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asylum101

metaballs?

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quote:
Original post by Anonymous Poster
What is a metaball?


Please spend a couple of minutes looking for the answer before asking. Why not visit the aforementioned tutorial site www.angelcode.com? The first question answered in the metaball tutorial is "What are metaballs?"

That said, I don''t really like their description. When I think of metaballs, I think of implicit surfaces. Metaballs are a type of implicit surface. Of course, the obvious question for the uninitiated is "what is an implicit surface?" But I don''t have time to answer that here right now.

Graham Rhodes
Senior Scientist
Applied Research Associates, Inc.

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Guest Anonymous Poster
Ah, I don''t care enough to actually look it up.
But, I took the chance that someone might feel like telling me.
I know what the prefix "meta" means, and I know what balls are... but put together it doesn''t make too much sense.
Implicit surface? Ah, nevermind!

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@Anonymous: If you don''t care enough to look up something, why do you bother other people asking? Don''t get me wrong, I think it''s important to ask if you don''t know or don''t understand something, but if it''s worth consuming other peoples'' time you should spend some of your own first investigating on your own (actually searching "metaballs" on Google yields 4650 results, not to mention the link I posted above).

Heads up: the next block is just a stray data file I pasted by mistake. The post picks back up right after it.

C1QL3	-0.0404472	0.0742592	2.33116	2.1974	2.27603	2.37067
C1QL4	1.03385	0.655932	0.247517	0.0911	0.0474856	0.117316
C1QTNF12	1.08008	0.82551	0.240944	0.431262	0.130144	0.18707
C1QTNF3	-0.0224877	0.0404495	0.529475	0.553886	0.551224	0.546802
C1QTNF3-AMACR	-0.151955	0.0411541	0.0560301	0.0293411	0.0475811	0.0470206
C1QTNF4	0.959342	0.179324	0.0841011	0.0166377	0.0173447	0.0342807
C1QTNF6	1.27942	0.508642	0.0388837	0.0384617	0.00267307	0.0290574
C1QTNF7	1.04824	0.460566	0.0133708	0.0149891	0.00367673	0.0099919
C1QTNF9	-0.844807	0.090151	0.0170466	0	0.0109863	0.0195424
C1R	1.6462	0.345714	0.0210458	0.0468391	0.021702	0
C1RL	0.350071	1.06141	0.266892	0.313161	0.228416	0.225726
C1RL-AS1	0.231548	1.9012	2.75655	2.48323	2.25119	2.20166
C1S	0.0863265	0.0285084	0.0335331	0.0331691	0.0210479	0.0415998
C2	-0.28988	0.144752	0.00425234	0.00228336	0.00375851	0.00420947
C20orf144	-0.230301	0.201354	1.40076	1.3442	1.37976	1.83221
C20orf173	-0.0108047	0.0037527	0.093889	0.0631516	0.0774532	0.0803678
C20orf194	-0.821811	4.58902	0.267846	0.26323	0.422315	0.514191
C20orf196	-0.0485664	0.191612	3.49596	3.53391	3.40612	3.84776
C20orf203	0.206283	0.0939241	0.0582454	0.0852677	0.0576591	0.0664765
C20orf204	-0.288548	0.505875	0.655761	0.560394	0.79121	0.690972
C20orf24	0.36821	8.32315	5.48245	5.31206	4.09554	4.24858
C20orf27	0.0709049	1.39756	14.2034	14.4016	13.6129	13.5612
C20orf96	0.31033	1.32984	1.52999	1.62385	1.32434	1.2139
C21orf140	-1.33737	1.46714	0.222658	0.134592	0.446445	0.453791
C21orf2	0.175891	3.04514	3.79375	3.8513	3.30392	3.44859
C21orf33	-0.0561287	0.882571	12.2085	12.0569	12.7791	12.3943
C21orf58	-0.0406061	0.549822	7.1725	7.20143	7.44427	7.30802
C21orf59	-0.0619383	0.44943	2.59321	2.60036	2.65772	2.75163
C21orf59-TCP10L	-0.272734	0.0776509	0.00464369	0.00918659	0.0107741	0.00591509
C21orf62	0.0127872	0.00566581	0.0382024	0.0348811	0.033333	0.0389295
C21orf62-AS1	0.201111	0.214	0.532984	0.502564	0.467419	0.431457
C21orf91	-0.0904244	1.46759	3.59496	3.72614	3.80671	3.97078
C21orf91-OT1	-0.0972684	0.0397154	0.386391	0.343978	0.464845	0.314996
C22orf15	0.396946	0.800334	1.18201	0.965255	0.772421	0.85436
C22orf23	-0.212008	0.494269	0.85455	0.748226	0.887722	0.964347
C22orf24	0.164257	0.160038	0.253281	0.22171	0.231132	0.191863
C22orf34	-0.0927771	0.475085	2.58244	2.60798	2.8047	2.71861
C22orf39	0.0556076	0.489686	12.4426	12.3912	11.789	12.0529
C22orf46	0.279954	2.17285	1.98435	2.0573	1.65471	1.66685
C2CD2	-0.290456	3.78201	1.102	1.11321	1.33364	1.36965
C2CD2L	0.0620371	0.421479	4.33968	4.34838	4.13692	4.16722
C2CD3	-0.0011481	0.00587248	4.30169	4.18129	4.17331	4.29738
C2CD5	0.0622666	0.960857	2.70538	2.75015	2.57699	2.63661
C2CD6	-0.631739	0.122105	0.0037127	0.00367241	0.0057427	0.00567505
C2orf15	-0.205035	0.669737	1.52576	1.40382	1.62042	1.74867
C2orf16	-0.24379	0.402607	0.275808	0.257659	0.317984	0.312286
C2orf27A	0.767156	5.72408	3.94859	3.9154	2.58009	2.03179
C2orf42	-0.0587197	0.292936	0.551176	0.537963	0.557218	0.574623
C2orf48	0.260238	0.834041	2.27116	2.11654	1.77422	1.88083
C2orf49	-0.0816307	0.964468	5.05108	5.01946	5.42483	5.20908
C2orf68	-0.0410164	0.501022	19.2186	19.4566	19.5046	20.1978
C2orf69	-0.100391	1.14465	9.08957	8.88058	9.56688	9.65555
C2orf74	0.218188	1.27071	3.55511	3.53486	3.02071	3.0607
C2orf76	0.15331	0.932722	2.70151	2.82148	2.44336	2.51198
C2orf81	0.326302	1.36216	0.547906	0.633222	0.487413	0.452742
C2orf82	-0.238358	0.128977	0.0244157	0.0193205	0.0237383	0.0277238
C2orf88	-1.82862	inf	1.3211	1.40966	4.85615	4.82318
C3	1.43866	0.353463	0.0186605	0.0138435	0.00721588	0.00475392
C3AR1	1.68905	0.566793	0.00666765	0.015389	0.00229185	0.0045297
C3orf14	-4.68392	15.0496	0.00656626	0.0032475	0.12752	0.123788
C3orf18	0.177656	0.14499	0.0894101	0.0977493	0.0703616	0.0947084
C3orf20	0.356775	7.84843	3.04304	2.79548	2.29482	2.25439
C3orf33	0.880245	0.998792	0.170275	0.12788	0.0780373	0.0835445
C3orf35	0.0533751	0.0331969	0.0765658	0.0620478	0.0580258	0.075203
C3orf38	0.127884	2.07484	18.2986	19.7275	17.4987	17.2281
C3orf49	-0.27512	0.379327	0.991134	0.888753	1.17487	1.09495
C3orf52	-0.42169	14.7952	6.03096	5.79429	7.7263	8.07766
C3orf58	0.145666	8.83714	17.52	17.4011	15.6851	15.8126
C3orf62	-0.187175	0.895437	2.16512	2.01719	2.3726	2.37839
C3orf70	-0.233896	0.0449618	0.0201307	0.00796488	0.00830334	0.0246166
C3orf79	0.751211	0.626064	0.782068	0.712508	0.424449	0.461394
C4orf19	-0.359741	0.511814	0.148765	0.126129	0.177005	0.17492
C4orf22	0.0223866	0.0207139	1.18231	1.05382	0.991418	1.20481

Well, I''m quite sure this wasn''t new to you but it would be nice if you spent a few moments thinking about it, ok?

------------------------------------------------------------
"To a computer, chaos is just another kind of order."

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I didn''t know either and was curious enough to look it up. As far as I can tell ''metaballs'' is a fancy name for 3D graphs of equipotential surfaces. The maths (this IS a maths forum) is well understood as it has various applications in the study of gravitational, eletrical etc. fields. It''s usually covered in undergraduate courses on vector calculus.

The anglecode article and others it refers to seem to be concerned with the graphics side of it, i.e. rendering such surfaces. If this is what the original poster is after it might be worth asking in a graphics forum as judging from the replies here (including my own) the experience of the contributors here is limited.

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In graphics metaballs are useful for the simulation of organic surfaces, and the modeling of complex, nonuniform objects. You assign each ball a radius of influence and then fill in all "voxels" between adjacent spheres where the influence is still felt (ie non-zero). The "field" within this radius falls off as the inverse of the square of the distance IIRC, and the fields are additive (meaning that the individual balls interact to form more complex shapes).

Of course, no one is actually going to fill in unnecessary conceptual voxels, so the marching cubes algorithm is used to determine points along the surface (at reasonable intervals, usually the intersection of the field and the cube edges).

An interesting effect is to include metaballs with negative fields; they look like they took a bite out of the other balls.

Everybody happy?

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